An Appeals Court has overturned a Family Court decision awarding custody of a boy to his German-born mother after it found mistaken the way the lower court had handled the child’s wishes to live in Cyprus with his father, Phileleftheros reported on Fridau.
The 10 year-old boy’s parents were not married when he was born. The father, who recognised the child, is Cypriot and lives in Cyprus and the mother is German living in Germany. There was a protracted dispute between the parents on who would get custody and whether the child would live with permanently in Cyprus or Germany.
The father then filed a claim with the Family Court in 2015 seeking custody and an order prohibiting the child to exit the country without the Court’s permission and the father’s written consent.
The Judge in charge of the case heard testimonies from the parents and the child’s teacher and held an interview in her office alone with the child as is required by law. Her decision was to award custody to the mother and issued an order allowing her to take the child to live in Germany with her permanently.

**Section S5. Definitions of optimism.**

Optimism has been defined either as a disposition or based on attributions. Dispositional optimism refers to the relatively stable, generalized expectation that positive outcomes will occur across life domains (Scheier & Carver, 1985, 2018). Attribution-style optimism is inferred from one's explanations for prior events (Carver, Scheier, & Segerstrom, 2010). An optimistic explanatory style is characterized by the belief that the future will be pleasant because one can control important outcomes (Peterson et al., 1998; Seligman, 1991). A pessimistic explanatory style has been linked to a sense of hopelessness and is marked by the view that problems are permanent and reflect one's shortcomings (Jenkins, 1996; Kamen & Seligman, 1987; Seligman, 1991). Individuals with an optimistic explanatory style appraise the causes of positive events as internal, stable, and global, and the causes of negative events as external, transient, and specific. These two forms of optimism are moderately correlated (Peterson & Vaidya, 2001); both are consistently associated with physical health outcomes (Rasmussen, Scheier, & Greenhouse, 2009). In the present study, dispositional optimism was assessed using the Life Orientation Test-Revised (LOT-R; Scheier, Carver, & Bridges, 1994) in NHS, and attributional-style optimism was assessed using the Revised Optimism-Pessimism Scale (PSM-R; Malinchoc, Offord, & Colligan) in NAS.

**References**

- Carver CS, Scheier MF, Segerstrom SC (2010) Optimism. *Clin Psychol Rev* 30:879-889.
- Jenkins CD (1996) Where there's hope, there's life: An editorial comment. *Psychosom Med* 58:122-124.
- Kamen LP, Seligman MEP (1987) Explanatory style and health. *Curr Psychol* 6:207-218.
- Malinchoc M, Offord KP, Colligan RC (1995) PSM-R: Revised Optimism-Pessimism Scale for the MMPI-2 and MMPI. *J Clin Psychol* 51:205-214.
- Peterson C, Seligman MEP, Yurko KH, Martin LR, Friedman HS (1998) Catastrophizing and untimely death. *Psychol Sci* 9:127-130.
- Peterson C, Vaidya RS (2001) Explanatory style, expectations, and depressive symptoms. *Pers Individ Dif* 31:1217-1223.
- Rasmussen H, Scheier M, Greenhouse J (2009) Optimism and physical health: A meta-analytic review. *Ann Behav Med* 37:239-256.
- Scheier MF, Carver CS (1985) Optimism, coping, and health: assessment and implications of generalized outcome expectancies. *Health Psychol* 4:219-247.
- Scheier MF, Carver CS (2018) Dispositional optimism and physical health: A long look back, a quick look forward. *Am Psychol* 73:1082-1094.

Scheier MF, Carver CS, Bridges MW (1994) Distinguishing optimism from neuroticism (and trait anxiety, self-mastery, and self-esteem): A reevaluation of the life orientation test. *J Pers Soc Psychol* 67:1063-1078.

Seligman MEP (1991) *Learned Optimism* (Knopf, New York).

The Appeals Court stated in relation to the boy’s interview that he was subjected to double the questions than he should have, alluding to a comparable case in the UK that had 87 questions. It added that even though the child explicitly requested to live in Cyprus and only visit Germany for holidays, the Court resolved that this was not his genuine choice.
It also emphasised that “there is a fine line between what is permissible for the [Family] Court to obtain from an interview with a child and what is beyond its powers … The child’s preference as set out in the answers to the interview, even if it were permissible for the Court to conclude that it was not sincere, could not lead to the court establishing is genuine desire in a positive way so as to influence the final findings of the Court.”
Examining the case as a whole, the Appeals Court ruled that “the Court’s findings are precarious, thereby affecting its final judgment”. On this basis, the Appeals Court annulled the Family Court’s decision.